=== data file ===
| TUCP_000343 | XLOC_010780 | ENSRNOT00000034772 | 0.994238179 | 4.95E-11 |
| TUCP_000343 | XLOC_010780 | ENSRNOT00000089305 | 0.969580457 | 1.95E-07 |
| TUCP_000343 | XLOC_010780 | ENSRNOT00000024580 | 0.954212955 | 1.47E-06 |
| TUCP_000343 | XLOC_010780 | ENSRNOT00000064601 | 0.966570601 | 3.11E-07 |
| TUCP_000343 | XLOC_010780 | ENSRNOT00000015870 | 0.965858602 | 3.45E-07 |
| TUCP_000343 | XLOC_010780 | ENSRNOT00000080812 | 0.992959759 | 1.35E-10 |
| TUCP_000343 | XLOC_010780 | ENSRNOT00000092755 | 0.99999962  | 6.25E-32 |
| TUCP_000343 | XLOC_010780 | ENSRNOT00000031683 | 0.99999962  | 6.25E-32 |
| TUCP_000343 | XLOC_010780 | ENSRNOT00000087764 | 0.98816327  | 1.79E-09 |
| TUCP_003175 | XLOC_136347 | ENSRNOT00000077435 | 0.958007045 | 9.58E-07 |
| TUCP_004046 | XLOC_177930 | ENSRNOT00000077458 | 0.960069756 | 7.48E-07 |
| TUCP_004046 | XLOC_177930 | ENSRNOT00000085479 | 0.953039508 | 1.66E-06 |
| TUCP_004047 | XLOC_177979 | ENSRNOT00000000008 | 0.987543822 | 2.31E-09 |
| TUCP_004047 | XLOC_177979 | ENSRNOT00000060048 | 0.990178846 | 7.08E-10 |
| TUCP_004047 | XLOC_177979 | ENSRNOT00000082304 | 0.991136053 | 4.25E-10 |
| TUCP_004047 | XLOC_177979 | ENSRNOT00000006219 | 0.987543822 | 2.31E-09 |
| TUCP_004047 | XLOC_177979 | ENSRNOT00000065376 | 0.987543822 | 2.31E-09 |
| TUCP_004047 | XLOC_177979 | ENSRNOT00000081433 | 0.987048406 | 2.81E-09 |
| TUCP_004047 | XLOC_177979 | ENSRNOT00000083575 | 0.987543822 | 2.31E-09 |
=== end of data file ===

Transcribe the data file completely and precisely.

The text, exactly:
| TUCP_000343 | XLOC_010780 | ENSRNOT00000034772 | 0.994238179 | 4.95E-11 |
| TUCP_000343 | XLOC_010780 | ENSRNOT00000089305 | 0.969580457 | 1.95E-07 |
| TUCP_000343 | XLOC_010780 | ENSRNOT00000024580 | 0.954212955 | 1.47E-06 |
| TUCP_000343 | XLOC_010780 | ENSRNOT00000064601 | 0.966570601 | 3.11E-07 |
| TUCP_000343 | XLOC_010780 | ENSRNOT00000015870 | 0.965858602 | 3.45E-07 |
| TUCP_000343 | XLOC_010780 | ENSRNOT00000080812 | 0.992959759 | 1.35E-10 |
| TUCP_000343 | XLOC_010780 | ENSRNOT00000092755 | 0.99999962  | 6.25E-32 |
| TUCP_000343 | XLOC_010780 | ENSRNOT00000031683 | 0.99999962  | 6.25E-32 |
| TUCP_000343 | XLOC_010780 | ENSRNOT00000087764 | 0.98816327  | 1.79E-09 |
| TUCP_003175 | XLOC_136347 | ENSRNOT00000077435 | 0.958007045 | 9.58E-07 |
| TUCP_004046 | XLOC_177930 | ENSRNOT00000077458 | 0.960069756 | 7.48E-07 |
| TUCP_004046 | XLOC_177930 | ENSRNOT00000085479 | 0.953039508 | 1.66E-06 |
| TUCP_004047 | XLOC_177979 | ENSRNOT00000000008 | 0.987543822 | 2.31E-09 |
| TUCP_004047 | XLOC_177979 | ENSRNOT00000060048 | 0.990178846 | 7.08E-10 |
| TUCP_004047 | XLOC_177979 | ENSRNOT00000082304 | 0.991136053 | 4.25E-10 |
| TUCP_004047 | XLOC_177979 | ENSRNOT00000006219 | 0.987543822 | 2.31E-09 |
| TUCP_004047 | XLOC_177979 | ENSRNOT00000065376 | 0.987543822 | 2.31E-09 |
| TUCP_004047 | XLOC_177979 | ENSRNOT00000081433 | 0.987048406 | 2.81E-09 |
| TUCP_004047 | XLOC_177979 | ENSRNOT00000083575 | 0.987543822 | 2.31E-09 |